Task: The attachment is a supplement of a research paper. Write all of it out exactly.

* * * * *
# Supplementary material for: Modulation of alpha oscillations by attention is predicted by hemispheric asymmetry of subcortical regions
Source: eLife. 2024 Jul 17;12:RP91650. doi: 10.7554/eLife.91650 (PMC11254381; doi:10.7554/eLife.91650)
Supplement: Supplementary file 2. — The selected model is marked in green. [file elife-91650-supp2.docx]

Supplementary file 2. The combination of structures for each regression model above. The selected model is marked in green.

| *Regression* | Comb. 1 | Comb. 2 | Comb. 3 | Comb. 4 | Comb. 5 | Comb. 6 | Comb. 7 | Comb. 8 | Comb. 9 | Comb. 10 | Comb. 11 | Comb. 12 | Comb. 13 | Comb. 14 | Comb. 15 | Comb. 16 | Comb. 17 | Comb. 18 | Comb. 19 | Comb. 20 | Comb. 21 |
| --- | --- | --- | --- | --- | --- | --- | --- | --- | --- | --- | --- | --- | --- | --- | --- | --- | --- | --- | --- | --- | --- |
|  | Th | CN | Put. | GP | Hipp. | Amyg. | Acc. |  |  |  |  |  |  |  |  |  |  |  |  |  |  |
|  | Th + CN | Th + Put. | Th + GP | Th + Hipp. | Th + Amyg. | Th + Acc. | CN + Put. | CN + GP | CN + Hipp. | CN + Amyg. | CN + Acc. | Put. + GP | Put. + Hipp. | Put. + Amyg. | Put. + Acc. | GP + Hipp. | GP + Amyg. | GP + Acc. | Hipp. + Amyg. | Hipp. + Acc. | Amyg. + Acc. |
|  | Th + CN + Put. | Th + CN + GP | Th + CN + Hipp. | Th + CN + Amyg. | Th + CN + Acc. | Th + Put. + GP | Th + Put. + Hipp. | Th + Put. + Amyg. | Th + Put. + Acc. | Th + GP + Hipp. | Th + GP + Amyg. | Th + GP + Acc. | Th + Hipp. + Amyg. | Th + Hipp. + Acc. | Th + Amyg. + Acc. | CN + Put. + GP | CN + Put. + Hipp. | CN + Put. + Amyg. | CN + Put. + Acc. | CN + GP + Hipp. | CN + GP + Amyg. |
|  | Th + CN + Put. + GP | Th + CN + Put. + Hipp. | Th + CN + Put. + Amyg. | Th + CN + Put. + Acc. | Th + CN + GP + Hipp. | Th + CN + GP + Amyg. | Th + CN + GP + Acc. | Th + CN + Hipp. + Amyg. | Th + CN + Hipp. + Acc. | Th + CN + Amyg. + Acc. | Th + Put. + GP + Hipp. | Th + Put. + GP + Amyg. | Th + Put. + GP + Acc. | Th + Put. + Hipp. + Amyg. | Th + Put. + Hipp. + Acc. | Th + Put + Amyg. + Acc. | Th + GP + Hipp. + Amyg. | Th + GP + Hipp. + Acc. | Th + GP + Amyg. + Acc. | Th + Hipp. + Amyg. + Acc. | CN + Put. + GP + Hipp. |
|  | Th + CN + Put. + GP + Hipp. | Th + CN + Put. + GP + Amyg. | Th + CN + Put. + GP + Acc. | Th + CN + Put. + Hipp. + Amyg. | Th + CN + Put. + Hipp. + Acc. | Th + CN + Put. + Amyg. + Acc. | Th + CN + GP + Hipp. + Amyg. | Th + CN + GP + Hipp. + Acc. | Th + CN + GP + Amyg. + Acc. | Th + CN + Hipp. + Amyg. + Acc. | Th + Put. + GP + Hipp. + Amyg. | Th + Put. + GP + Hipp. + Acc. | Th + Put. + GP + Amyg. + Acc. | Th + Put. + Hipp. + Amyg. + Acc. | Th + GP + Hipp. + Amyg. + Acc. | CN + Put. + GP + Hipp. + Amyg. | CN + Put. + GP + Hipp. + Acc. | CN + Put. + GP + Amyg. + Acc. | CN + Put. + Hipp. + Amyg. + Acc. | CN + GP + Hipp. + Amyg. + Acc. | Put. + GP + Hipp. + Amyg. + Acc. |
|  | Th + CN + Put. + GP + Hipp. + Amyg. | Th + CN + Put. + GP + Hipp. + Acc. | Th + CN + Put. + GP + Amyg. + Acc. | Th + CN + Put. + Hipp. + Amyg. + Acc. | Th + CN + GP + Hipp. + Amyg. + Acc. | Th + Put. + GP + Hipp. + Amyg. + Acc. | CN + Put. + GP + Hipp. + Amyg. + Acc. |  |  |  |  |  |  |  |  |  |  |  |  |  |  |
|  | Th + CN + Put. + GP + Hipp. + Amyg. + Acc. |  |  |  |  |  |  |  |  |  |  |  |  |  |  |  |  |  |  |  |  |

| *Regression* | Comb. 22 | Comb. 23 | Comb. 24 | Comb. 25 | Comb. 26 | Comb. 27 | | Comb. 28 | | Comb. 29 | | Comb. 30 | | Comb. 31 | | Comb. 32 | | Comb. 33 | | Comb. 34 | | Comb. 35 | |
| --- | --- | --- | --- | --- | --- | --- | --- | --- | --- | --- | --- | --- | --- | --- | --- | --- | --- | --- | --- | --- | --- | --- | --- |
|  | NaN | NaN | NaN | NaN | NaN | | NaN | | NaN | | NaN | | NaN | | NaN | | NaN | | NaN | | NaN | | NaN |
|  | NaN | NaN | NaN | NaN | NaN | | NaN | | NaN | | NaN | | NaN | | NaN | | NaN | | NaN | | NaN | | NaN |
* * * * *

# Supplementary material for: Modulation of alpha oscillations by attention is predicted by hemispheric asymmetry of subcortical regions
Source: eLife. 2024 Jul 17;12:RP91650. doi: 10.7554/eLife.91650 (PMC11254381; doi:10.7554/eLife.91650)
Supplement: Supplementary file 2. — The selected model is marked in green. [file elife-91650-supp2.docx]

Supplementary file 2. The combination of structures for each regression model above. The selected model is marked in green.

| *Regression* | Comb. 1 | Comb. 2 | Comb. 3 | Comb. 4 | Comb. 5 | Comb. 6 | Comb. 7 | Comb. 8 | Comb. 9 | Comb. 10 | Comb. 11 | Comb. 12 | Comb. 13 | Comb. 14 | Comb. 15 | Comb. 16 | Comb. 17 | Comb. 18 | Comb. 19 | Comb. 20 | Comb. 21 |
| --- | --- | --- | --- | --- | --- | --- | --- | --- | --- | --- | --- | --- | --- | --- | --- | --- | --- | --- | --- | --- | --- |
|  | Th | CN | Put. | GP | Hipp. | Amyg. | Acc. |  |  |  |  |  |  |  |  |  |  |  |  |  |  |
|  | Th + CN | Th + Put. | Th + GP | Th + Hipp. | Th + Amyg. | Th + Acc. | CN + Put. | CN + GP | CN + Hipp. | CN + Amyg. | CN + Acc. | Put. + GP | Put. + Hipp. | Put. + Amyg. | Put. + Acc. | GP + Hipp. | GP + Amyg. | GP + Acc. | Hipp. + Amyg. | Hipp. + Acc. | Amyg. + Acc. |
|  | Th + CN + Put. | Th + CN + GP | Th + CN + Hipp. | Th + CN + Amyg. | Th + CN + Acc. | Th + Put. + GP | Th + Put. + Hipp. | Th + Put. + Amyg. | Th + Put. + Acc. | Th + GP + Hipp. | Th + GP + Amyg. | Th + GP + Acc. | Th + Hipp. + Amyg. | Th + Hipp. + Acc. | Th + Amyg. + Acc. | CN + Put. + GP | CN + Put. + Hipp. | CN + Put. + Amyg. | CN + Put. + Acc. | CN + GP + Hipp. | CN + GP + Amyg. |
|  | Th + CN + Put. + GP | Th + CN + Put. + Hipp. | Th + CN + Put. + Amyg. | Th + CN + Put. + Acc. | Th + CN + GP + Hipp. | Th + CN + GP + Amyg. | Th + CN + GP + Acc. | Th + CN + Hipp. + Amyg. | Th + CN + Hipp. + Acc. | Th + CN + Amyg. + Acc. | Th + Put. + GP + Hipp. | Th + Put. + GP + Amyg. | Th + Put. + GP + Acc. | Th + Put. + Hipp. + Amyg. | Th + Put. + Hipp. + Acc. | Th + Put + Amyg. + Acc. | Th + GP + Hipp. + Amyg. | Th + GP + Hipp. + Acc. | Th + GP + Amyg. + Acc. | Th + Hipp. + Amyg. + Acc. | CN + Put. + GP + Hipp. |
|  | Th + CN + Put. + GP + Hipp. | Th + CN + Put. + GP + Amyg. | Th + CN + Put. + GP + Acc. | Th + CN + Put. + Hipp. + Amyg. | Th + CN + Put. + Hipp. + Acc. | Th + CN + Put. + Amyg. + Acc. | Th + CN + GP + Hipp. + Amyg. | Th + CN + GP + Hipp. + Acc. | Th + CN + GP + Amyg. + Acc. | Th + CN + Hipp. + Amyg. + Acc. | Th + Put. + GP + Hipp. + Amyg. | Th + Put. + GP + Hipp. + Acc. | Th + Put. + GP + Amyg. + Acc. | Th + Put. + Hipp. + Amyg. + Acc. | Th + GP + Hipp. + Amyg. + Acc. | CN + Put. + GP + Hipp. + Amyg. | CN + Put. + GP + Hipp. + Acc. | CN + Put. + GP + Amyg. + Acc. | CN + Put. + Hipp. + Amyg. + Acc. | CN + GP + Hipp. + Amyg. + Acc. | Put. + GP + Hipp. + Amyg. + Acc. |
|  | Th + CN + Put. + GP + Hipp. + Amyg. | Th + CN + Put. + GP + Hipp. + Acc. | Th + CN + Put. + GP + Amyg. + Acc. | Th + CN + Put. + Hipp. + Amyg. + Acc. | Th + CN + GP + Hipp. + Amyg. + Acc. | Th + Put. + GP + Hipp. + Amyg. + Acc. | CN + Put. + GP + Hipp. + Amyg. + Acc. |  |  |  |  |  |  |  |  |  |  |  |  |  |  |
|  | Th + CN + Put. + GP + Hipp. + Amyg. + Acc. |  |  |  |  |  |  |  |  |  |  |  |  |  |  |  |  |  |  |  |  |

| *Regression* | Comb. 22 | Comb. 23 | Comb. 24 | Comb. 25 | Comb. 26 | Comb. 27 | | Comb. 28 | | Comb. 29 | | Comb. 30 | | Comb. 31 | | Comb. 32 | | Comb. 33 | | Comb. 34 | | Comb. 35 | |
| --- | --- | --- | --- | --- | --- | --- | --- | --- | --- | --- | --- | --- | --- | --- | --- | --- | --- | --- | --- | --- | --- | --- | --- |
|  | NaN | NaN | NaN | NaN | NaN | | NaN | | NaN | | NaN | | NaN | | NaN | | NaN | | NaN | | NaN | | NaN |
|  | NaN | NaN | NaN | NaN | NaN | | NaN | | NaN | | NaN | | NaN | | NaN | | NaN | | NaN | | NaN | | NaN |